If you must move a turtle to prevent it from being hit: quietly approach it, carefully pick it up using both hands and hold it upright in its normal walking position with its head pointing away from you and carry it across the road in the same direction it was heading. Turtles can bite or scratch and may carry diseases transmissible to humans.
What if I accidentally hit a pond turtle with my car when they are traveling across the road?
If possible, transport it immediately to the nearest state licensed wildlife rehabilitation facility. Contact information for state licensed wildlife rehabilitation facilities can be found at:
Is critical habitat being proposed? If so, when, and what does this mean for my land?
The Service determined that designation of critical habitat for the southwestern pond turtle and northwestern pond turtle may be prudent but is not determinable at this time. In addition to seeking sufficient information to perform the required analyses for proposing critical habitat, the Service is also seeking comment on whether designation of critical habitat would contribute to further declines of the species by providing information on the turtles’ locations, making them vulnerable to disturbance, loss, or other forms of take under the ESA.
I’m a land manager. How can I help southwestern and northwestern pond turtles on my property?
Best management practices for land managers to help both species include identifying and protecting nests during the breeding season, adding basking sites such as trees or logs, removing barriers such as fencing between ponds, streams and nesting habitats to allow for migration, and removing invasive predators such as bullfrogs, snapping turtles and non-native game fish.
What do I do if I suspect someone is illegally removing these turtles or any other species from the wild?
If you suspect someone is illegally removing live turtles, or any other species, please call the Service’s wildlife trafficking tips line at 1-844-FWS-TIPS (397-8477) or email email@example.com. You might be eligible for a financial reward if your tip helps solve a case. NWR Law Enforcement has more information on how to report wildlife crime.
How can I comment on this proposal?
The proposal and information on how to submit comments can be found on www.regulations.gov by searching under docket number FWS-R8-ES-2023-0092. The Service will consider comments from all interested parties received by December 4, 2023.
(1) Electronically: Go to the Federal eRulemaking Portal:
https://www.regulations.gov. In the Search box, enter FWS-R8-ES-2023-0092, which is the docket number for this rulemaking. Then, click on the Search button. On the resulting page, in the panel on the left side of the screen, under the Document Type heading, check the Proposed Rule box to locate this document. You may submit a comment by clicking on “Comment.”
(2) By hard copy: Submit by U.S. mail to: Public Comments Processing, Attn: FWS-R8-ES-2023-0092, U.S. Fish and Wildlife Service, MS: PRB/3W, 5275 Leesburg Pike, Falls Church, VA 22041–3803.
We request that you send comments only by the methods described above. We will post all comments on https://www.regulations.gov. This generally means that we will post any personal information you provide us (see Information Requested, below, for more information).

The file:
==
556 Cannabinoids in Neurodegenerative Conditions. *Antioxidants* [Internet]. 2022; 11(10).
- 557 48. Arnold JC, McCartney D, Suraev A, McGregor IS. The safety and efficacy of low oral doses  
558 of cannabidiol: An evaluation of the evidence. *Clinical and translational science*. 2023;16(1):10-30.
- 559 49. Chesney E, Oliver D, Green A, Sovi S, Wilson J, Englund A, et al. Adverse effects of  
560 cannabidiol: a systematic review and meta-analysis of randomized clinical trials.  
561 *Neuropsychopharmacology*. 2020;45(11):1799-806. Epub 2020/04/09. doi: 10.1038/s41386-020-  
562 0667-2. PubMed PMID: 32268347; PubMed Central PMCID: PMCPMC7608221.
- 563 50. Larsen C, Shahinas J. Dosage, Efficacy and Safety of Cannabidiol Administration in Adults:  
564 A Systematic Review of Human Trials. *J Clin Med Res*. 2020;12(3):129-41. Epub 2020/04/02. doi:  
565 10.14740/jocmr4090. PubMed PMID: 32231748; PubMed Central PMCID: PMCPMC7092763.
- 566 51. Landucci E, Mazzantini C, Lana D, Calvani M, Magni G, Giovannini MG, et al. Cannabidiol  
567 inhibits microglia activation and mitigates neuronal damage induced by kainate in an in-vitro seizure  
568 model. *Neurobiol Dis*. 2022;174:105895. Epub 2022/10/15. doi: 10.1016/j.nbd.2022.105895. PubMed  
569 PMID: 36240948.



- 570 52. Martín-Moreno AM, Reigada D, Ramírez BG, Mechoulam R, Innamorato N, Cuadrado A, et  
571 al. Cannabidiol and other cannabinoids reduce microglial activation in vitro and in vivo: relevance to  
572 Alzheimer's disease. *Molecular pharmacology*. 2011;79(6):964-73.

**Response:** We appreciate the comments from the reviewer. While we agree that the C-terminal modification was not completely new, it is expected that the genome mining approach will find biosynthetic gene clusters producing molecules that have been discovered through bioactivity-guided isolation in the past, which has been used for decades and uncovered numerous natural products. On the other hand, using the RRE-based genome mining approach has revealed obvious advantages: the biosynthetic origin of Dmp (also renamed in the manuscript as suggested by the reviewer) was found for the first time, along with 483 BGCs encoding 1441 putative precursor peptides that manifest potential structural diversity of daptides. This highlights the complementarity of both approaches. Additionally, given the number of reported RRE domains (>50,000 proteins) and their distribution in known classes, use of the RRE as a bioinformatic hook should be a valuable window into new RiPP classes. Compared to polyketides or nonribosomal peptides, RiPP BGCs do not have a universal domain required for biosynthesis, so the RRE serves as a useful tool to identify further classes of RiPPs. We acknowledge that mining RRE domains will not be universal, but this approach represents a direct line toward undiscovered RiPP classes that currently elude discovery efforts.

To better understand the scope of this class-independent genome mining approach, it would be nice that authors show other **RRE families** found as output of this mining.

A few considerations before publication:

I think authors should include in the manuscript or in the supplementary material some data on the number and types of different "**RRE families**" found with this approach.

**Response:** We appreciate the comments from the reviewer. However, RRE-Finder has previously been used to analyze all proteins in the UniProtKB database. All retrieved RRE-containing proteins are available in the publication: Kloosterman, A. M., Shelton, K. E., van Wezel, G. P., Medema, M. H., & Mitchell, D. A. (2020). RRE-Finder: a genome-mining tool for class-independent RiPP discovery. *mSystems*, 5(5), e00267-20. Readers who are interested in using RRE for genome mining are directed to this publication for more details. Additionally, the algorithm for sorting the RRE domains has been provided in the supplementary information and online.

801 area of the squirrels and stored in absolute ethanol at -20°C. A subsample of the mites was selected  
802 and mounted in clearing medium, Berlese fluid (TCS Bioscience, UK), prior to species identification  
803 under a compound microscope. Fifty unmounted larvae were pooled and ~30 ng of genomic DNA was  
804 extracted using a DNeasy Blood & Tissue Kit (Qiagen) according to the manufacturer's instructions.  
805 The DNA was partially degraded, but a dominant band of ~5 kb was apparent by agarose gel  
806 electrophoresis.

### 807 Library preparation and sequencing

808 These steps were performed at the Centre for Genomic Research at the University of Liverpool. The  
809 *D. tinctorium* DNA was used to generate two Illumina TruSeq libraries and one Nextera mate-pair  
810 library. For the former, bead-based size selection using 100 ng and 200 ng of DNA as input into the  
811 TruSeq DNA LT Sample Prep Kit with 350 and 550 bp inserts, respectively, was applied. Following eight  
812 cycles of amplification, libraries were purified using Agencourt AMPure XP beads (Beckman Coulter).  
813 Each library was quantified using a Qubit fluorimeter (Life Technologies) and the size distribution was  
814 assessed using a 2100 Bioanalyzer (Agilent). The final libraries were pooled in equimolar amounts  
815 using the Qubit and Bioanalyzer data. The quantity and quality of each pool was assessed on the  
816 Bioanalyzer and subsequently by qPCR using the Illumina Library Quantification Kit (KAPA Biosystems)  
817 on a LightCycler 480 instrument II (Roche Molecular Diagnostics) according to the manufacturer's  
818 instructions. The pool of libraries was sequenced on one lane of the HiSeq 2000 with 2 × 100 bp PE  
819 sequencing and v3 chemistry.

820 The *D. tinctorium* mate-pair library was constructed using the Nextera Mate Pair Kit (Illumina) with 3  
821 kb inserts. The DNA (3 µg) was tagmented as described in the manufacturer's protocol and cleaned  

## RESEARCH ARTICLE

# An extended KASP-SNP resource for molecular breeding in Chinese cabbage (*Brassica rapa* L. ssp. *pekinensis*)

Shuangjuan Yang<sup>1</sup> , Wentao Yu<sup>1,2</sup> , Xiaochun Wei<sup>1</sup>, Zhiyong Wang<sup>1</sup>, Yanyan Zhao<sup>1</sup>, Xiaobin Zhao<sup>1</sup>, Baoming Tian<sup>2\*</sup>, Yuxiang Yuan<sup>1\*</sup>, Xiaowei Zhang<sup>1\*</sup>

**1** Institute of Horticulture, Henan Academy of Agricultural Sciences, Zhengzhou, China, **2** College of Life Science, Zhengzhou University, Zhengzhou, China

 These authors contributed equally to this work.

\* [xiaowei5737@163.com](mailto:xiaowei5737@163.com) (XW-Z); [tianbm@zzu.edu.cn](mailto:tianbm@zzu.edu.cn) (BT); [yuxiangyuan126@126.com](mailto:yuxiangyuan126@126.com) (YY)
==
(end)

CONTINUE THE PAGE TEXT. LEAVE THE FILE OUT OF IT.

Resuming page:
Availability of supporting materials: Supporting materials, such as the species status assessment report, are available at https://www.regulations.gov at Docket No. FWS-R8-ES-2023-0092.
What information is the Service specifically seeking?
Our final determination resulting from this proposed rule and comment period will be based on the best scientific and commercial data available and be as accurate and as effective as possible. Therefore, we request comments or information from other governmental agencies, Native American Tribes, the scientific community, industry, or any other interested parties concerning this proposed rule. We particularly seek comments concerning:
(1) The species’ biology, range, and population trends, including:
(a) Biological or ecological requirements of the species, including habitat requirements for feeding, breeding, and sheltering;
(b) Genetics and taxonomy;
(c) Historical and current range, including distribution patterns and the locations of any additional populations of this species;
(d) Historical and current population levels, and current and projected trends;
(e) Past and ongoing conservation measures for the species, its habitat, or both; and
(f) Tribal use or cultural significance of the southwestern and northwestern pond turtle, including the use of species for ceremonial or traditional crafts.
(2) Threats and conservation actions affecting the species, including:
(a) Factors that may be affecting the continued existence of the species, which may include habitat modification or destruction, overutilization, disease, predation, the inadequacy of existing regulatory mechanisms, or other natural or manmade factors.
(b) Biological, commercial trade, or other relevant data concerning any threats (or lack thereof) to this species.
(c) Existing regulations or conservation actions that may be addressing threats to this species.
(3) Additional information concerning the historical and current status of this species.
(4) Information on regulations that may be necessary and advisable to provide for the conservation of the southwestern pond turtle and that we can consider in developing the 4(d) rule for the species. In particular, we seek information concerning the extent to which we should include any of the section 9 prohibitions in the 4(d) rule or whether we should consider any additional exceptions from the prohibitions in the 4(d) rule.
What happens next?
The Service will review and incorporate comments received during the comment period to prepare a final rule. This final rule may differ from our proposal based on the information received during the public comment period.